The bomb that did the damage was not like the package bombs in Bahrain or the Riyadh car bomb, containing only a few hundred pounds of explosives. It exploded with the force of 20,000 to 30,000 pounds of TNT. The sewage truck shaped the charge, and the high clearance between the ground and the truck gave it the more lethal characteristics of an air burst.
As the blast waves hit Building 131, they propelled pieces of the Jersey wall barriers into the first four floors. The outer walls of the bottom floors were blown into rooms. With no structural support below, the facades of the top three floors sheered off and fell into a pile of rubble. Walls on the east and west ends were blasted four feet from original positions, causing floors in several bedrooms to collapse. Building 131 did not collapse because it was made of prefabricated cubicles that were bolted together. Had it been built in a more traditional manner, it might have caved in from the blast.
At one moment, the 4404th personnel had been talking or working with squadron mates. An instant later, survivors nearest the blast found themselves in the dark, thrown across their rooms or out into hallways. Now, as they struggled to understand where they were and what had happened, they shouted and called to each other. The first casualties arrived at the clinic a few minutes after 10 p.m. Ten minutes later the clinic was overwhelmed. Commanders and first sergeants quickly began to try to account for their people. Wing rosters were inaccessible, and so the units began to conduct head counts. By 3 a.m., medical emergency logs had recorded 16 fatalities. Two more bodies were found in the rubble by morning. The 19th was found a few hours later.
The 4404th still had to perform its mission. Mess facilities were all up and running by noon on June 27. The C-130 squadron resumed operations that same day. On the afternoon of June 28, F-16 fighters from the 79th were back on station for the continuation of Southern Watch.
“Here we were, one of the most lethal air components in the world, an F-15 squadron, and someone sneaks up in the middle of the night and cuts our underbelly,” as one squadron commander put it later. He wished the dead had at least been given the opportunity to look the tiger in the eye, to confront the enemy face to face, and take them on. For some weeks afterward, Schwalier stayed at Khobar Towers as the wing got back on its feet. The change of command ceremony took place on July 15. “Three weeks ago, I had prepared a speech that expressed pride and appreciation,” Schwalier told the crowd at the ceremony. But in the aftermath of the June 25 bombing, those comments were no longer enough, he felt. “What I’ve seen in the last three weeks from 4404th men and women has been a wellspring of pride for me in the dedication, training, and heart of USAF,” he told them.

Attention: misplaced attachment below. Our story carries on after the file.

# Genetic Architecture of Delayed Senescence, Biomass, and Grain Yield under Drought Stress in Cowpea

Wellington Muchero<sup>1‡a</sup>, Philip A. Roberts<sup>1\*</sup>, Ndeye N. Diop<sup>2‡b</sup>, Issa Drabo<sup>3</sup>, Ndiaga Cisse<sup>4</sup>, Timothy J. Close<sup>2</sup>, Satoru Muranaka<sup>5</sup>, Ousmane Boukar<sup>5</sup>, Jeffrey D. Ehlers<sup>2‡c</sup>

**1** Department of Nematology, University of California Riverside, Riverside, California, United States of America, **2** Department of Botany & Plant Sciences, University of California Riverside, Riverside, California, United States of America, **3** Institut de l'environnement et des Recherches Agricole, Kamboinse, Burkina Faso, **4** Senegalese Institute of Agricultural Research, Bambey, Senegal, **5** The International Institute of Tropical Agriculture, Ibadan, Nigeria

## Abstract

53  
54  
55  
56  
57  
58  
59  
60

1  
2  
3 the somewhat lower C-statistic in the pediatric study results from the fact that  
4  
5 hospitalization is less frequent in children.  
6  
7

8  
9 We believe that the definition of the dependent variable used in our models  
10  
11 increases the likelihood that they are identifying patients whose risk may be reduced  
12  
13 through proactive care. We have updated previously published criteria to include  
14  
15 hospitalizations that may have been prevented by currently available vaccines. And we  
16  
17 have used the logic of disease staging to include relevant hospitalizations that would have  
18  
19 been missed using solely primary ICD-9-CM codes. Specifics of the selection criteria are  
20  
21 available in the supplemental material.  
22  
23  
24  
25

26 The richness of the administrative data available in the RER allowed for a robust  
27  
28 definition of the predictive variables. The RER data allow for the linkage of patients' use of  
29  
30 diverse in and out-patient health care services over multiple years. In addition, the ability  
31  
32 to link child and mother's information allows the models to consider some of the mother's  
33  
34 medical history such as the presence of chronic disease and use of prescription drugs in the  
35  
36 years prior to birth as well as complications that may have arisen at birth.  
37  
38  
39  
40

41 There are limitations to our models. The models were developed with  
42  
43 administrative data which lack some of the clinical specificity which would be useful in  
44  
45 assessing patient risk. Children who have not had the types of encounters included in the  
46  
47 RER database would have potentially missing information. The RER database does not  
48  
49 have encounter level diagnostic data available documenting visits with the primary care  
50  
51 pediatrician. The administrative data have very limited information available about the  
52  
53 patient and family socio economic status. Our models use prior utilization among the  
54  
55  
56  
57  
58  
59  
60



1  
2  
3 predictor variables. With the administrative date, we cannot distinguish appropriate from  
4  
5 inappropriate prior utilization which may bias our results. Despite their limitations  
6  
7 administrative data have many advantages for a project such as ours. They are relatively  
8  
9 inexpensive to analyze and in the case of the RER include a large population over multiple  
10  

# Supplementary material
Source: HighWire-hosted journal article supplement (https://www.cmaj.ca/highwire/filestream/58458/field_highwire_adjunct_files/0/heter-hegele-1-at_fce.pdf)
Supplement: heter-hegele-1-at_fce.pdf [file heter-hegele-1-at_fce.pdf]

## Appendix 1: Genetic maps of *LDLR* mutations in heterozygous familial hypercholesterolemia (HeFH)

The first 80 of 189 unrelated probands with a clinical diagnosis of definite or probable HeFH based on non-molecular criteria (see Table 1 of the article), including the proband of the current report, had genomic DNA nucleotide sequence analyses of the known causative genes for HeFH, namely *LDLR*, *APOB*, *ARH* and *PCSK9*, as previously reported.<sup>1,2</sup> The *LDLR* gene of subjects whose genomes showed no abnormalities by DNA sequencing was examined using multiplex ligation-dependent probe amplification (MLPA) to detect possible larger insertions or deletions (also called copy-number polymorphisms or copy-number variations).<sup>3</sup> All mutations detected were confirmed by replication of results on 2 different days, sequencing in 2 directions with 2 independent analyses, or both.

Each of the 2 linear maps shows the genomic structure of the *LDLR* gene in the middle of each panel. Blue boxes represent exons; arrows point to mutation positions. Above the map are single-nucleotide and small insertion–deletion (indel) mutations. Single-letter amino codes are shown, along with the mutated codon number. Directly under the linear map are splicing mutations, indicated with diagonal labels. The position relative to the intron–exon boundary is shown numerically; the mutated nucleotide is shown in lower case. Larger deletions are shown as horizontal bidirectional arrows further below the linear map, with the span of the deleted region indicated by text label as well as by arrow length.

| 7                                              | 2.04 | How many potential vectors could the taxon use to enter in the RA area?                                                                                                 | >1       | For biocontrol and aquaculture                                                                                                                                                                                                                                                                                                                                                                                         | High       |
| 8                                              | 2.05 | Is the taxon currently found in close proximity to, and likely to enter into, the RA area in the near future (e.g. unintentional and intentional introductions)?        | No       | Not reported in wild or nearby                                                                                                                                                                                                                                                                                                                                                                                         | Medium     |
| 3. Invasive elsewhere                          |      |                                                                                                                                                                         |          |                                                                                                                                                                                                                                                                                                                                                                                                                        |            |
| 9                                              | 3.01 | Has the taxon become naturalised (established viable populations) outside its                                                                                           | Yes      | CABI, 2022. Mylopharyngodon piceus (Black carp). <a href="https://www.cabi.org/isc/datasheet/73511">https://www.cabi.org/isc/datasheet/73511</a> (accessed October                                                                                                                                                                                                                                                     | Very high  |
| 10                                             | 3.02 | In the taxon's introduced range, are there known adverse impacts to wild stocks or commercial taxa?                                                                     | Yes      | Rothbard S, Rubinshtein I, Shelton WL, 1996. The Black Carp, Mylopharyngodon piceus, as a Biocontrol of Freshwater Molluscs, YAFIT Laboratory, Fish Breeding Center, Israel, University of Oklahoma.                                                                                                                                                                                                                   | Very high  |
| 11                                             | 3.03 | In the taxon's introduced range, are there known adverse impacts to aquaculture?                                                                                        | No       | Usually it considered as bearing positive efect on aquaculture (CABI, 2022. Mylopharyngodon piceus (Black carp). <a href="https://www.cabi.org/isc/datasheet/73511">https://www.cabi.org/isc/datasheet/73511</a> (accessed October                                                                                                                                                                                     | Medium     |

The Defense Special Weapons Agency analyzed the crater and soon determined that the June 25 bomb was the largest terrorist device ever directed at Americans. The Lebanon bomb that destroyed the Marine Corps compound in Beirut on Oct. 23, 1983, packed the explosive force of 12,000 pounds of TNTequivalent. The Oklahoma City bomb was far smaller. In the new and changed environment caused by the truck bomb with 20,000 pounds or more of force, Khobar Towers could not be protected. Thus, in the summer of 1996, the 4404th relocated to Al Kharj, a base that offered miles of desert perimeter, with personnel housed in tents.
Back in Washington, the investigations were under way. The Secretary of the Air Force, Sheila E. Widnall, commissioned Lt. Gen. James F. Record to conduct an investigation of the Downing charges. On Dec. 4, 1996, Record’s three-volume report found that Schwalier and his deputies and superiors had taken “reasonable and prudent” action to protect the force. However, the staff of the new Secretary of Defense, William Cohen, asked the Air Force to do a second evaluation. That report also found no grounds for taking action against Schwalier.
Despite these results, Cohen in July 1997 announced that he had decided to block Schwalier’s promotion to major general. The second star was withdrawn, and Schwalier resigned from the Air Force the same day. Fogleman, then Air Force Chief of Staff, announced his resignation the same week. That fall, in Dhahran, Saudi authorities demolished what remained of Khobar Towers Building 131.
Rebecca Grant is president of IRIS, a research organization in Arlington, Va. She has worked for Rand Corp., in the Office of the Secretary of the Air Force, and for the Chief of Staff of the Air Force. Her most recent article for Air Force Magazine was “The Epic Little Battle of Khafji,” which appeared in the February 1998 issue.